This FAQ provides additional, detailed information about our Email sender guidelines (previously called Bulk sender guidelines), which describe Google's requirements for sending email to personal Gmail accounts.
We update this FAQ periodically, so check back regularly to get the latest information and requirements for bulk email senders.
Bulk sendersWhat is a bulk sender?
A bulk sender is any email sender that sends close to 5,000 messages or more to personal Gmail accounts within a 24-hour period. Messages sent from the same primary domain count toward the 5,000 limit.
Sending domains: When we calculate the 5,000-message limit, we count all messages sent from the same primary domain. For example, every day you send 2,500 messages from solarmora.com and 2,500 messages from promotions.solarmora.com to personal Gmail accounts. You’re considered a bulk sender because all 5,000 messages were sent from the same primary domain: solarmora.com. Learn about domain name basics.
Senders who meet the above criteria at least once are permanently considered bulk senders.
Bulk sender status doesn’t have an expiration date. Email senders that have been classified as bulk senders are permanently classified as such. Changes in email sending practices will not affect permanent bulk sender status once it’s assigned.
Google Workspace accountsDo the sender guidelines apply to messages sent to Google Workspace accounts?
The Email sender guidelines don’t apply to messages sent to Google Workspace accounts. Sender requirements and Google enforcement apply only when sending email to personal Gmail accounts.
All senders, including Google Workspace users, must meet the requirements in our Email sender guidelines when sending messages to personal Gmail accounts. The requirements don’t apply to Google Workspace inbound and intra-domain messages.
Sender guidelines enforcementWhat is the timeline for enforcement of sender guidelines?
Enforcement for bulk senders that don’t meet our Email sender guidelines will be gradual and progressive.
Bulk senders who don’t meet our sender requirements will start getting temporary errors with error codes on a small portion of messages that don’t meet the requirements. These temporary errors help senders identify email that doesn’t meet our guidelines so senders can resolve issues that prevent compliance. Email systems will typically attempt to retry sending messages that get temporary errors, after a short delay.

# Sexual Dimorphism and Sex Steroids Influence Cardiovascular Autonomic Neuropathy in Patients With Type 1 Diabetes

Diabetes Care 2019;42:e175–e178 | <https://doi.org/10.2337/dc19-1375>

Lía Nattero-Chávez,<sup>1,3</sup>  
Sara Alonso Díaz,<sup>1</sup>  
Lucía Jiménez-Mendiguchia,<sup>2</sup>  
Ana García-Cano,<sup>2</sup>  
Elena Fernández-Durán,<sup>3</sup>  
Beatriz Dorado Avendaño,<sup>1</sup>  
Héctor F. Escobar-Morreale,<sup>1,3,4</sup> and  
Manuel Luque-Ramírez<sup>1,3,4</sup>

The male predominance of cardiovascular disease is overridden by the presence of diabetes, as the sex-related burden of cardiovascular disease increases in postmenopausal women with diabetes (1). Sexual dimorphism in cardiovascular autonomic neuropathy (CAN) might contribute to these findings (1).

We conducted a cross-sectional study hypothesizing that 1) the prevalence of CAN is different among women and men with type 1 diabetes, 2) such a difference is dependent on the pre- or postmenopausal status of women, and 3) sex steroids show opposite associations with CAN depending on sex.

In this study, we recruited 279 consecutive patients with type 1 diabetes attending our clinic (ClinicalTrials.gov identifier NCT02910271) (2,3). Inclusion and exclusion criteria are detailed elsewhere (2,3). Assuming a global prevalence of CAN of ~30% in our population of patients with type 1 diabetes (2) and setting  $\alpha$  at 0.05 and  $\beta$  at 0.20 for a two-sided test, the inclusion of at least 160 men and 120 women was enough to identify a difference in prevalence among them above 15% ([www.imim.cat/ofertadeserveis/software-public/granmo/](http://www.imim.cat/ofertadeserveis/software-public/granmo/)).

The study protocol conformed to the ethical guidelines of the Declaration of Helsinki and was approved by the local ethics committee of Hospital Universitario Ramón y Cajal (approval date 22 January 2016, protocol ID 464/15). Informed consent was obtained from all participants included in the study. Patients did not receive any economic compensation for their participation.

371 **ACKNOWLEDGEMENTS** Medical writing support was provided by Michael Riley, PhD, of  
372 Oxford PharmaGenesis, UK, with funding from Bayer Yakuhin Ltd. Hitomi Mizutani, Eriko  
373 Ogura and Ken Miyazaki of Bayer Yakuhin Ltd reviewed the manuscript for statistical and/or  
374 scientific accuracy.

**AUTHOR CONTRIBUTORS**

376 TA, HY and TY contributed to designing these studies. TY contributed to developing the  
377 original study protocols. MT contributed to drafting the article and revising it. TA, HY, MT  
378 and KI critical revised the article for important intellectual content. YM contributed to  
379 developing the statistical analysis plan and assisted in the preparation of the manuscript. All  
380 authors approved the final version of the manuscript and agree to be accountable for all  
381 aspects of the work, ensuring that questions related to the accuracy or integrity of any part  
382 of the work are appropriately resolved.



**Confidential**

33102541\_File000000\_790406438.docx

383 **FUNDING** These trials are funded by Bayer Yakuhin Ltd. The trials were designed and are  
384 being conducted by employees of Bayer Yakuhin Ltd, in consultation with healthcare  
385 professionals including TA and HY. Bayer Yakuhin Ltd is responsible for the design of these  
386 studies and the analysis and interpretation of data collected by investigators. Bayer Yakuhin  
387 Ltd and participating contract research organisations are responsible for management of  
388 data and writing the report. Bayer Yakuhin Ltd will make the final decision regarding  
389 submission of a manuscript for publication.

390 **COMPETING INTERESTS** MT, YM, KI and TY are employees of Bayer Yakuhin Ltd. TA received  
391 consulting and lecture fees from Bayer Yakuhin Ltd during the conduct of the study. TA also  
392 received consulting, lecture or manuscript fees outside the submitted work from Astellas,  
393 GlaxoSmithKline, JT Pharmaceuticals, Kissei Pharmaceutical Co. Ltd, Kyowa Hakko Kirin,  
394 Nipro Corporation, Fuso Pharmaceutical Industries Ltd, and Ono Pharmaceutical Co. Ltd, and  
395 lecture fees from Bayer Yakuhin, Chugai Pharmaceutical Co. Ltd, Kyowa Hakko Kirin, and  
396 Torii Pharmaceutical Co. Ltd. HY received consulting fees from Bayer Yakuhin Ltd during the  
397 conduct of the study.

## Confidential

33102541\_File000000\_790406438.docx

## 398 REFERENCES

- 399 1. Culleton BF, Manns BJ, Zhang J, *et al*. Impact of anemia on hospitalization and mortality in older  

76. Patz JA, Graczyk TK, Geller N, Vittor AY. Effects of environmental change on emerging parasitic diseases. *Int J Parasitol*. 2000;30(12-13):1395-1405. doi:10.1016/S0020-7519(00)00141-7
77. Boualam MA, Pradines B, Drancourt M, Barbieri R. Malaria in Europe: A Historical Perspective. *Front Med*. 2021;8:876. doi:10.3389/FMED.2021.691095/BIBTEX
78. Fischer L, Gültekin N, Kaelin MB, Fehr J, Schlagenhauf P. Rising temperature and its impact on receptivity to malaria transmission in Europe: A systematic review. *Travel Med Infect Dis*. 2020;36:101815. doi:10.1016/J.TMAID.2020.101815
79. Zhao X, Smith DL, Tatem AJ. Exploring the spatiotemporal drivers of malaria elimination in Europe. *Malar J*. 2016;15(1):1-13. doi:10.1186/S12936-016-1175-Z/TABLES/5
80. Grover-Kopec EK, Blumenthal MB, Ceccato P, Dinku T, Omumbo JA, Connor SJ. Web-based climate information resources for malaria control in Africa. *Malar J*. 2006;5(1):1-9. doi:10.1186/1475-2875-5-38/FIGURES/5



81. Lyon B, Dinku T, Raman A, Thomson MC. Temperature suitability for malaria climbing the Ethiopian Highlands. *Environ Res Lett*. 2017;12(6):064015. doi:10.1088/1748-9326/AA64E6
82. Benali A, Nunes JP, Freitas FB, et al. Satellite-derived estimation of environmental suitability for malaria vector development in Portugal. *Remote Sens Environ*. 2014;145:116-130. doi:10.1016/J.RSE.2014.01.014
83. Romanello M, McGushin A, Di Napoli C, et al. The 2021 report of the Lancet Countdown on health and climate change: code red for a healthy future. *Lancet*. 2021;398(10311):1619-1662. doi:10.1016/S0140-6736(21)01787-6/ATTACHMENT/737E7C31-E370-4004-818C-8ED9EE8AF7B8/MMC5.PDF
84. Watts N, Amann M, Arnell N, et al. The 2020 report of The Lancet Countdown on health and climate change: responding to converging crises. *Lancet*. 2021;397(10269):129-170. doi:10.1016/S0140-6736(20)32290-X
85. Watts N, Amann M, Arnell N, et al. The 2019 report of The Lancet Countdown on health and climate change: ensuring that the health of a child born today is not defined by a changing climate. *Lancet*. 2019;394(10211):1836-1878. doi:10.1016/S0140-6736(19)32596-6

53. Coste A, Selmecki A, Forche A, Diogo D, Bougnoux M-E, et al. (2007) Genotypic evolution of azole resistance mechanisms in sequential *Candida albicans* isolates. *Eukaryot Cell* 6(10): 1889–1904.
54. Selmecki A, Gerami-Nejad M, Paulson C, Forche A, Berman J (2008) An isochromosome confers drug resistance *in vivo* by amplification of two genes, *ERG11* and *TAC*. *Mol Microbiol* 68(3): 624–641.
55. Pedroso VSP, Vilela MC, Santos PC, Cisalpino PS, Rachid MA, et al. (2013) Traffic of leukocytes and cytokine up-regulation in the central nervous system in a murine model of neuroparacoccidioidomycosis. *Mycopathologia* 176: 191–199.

Senders are encouraged to check their email compliance status using Postmaster Tools.
The table below describes the enforcement timeline and will be updated as needed:
SPF and DKIM authentication
Gmail From: header impersonation
From: header alignment
Valid forward and reverse DNS records
Messages formatted according RFC 5322
Messages sent using TLS
Temporary failures with error codes
Enforcement for these requirements will begin no earlier than June 2024:
- DMARC authentication
- One-click unsubscribe in marketing messages
- Mitigations unavailable when user-reported spam rates exceed 0.3% or if the sender has not met the authentication or one-click unsubscribe requirements.
A new domain is defined as any domain that hasn’t sent more than 5,000 emails a day to personal Gmail accounts since January 1, 2024.
While all bulk sending domains must comply with the requirements, the enforcement progression for new domains will be on an accelerated timetable.
Gmail From: header impersonation is when a sender sends a message with a @gmail address in the From: header but the message wasn’t sent from a Gmail server. This is a common form of email abuse by spammers and is referred to as spoofing.
As described in the timeline above, bulk senders that spoof gmail.com will start getting notifications about temporary failures.
To ensure messages are delivered as expected, bulk senders should comply with our Email sender guidelines. If senders don’t meet these requirements, messages might be rejected or delivered to recipients’ spam folders.
Yes, when messages are rejected, we send a rejection code and a reason for the rejection. You can also see this information in Postmaster Tools.
Temporary failure messages include error codes that indicate which sender requirement is causing the failure:
|SPF isn’t set up for your sending domains or IP addresses. All senders must use either SPF or DKIM authentication for outgoing messages. Bulk senders must use both SPF and DKIM authentication for outgoing messages.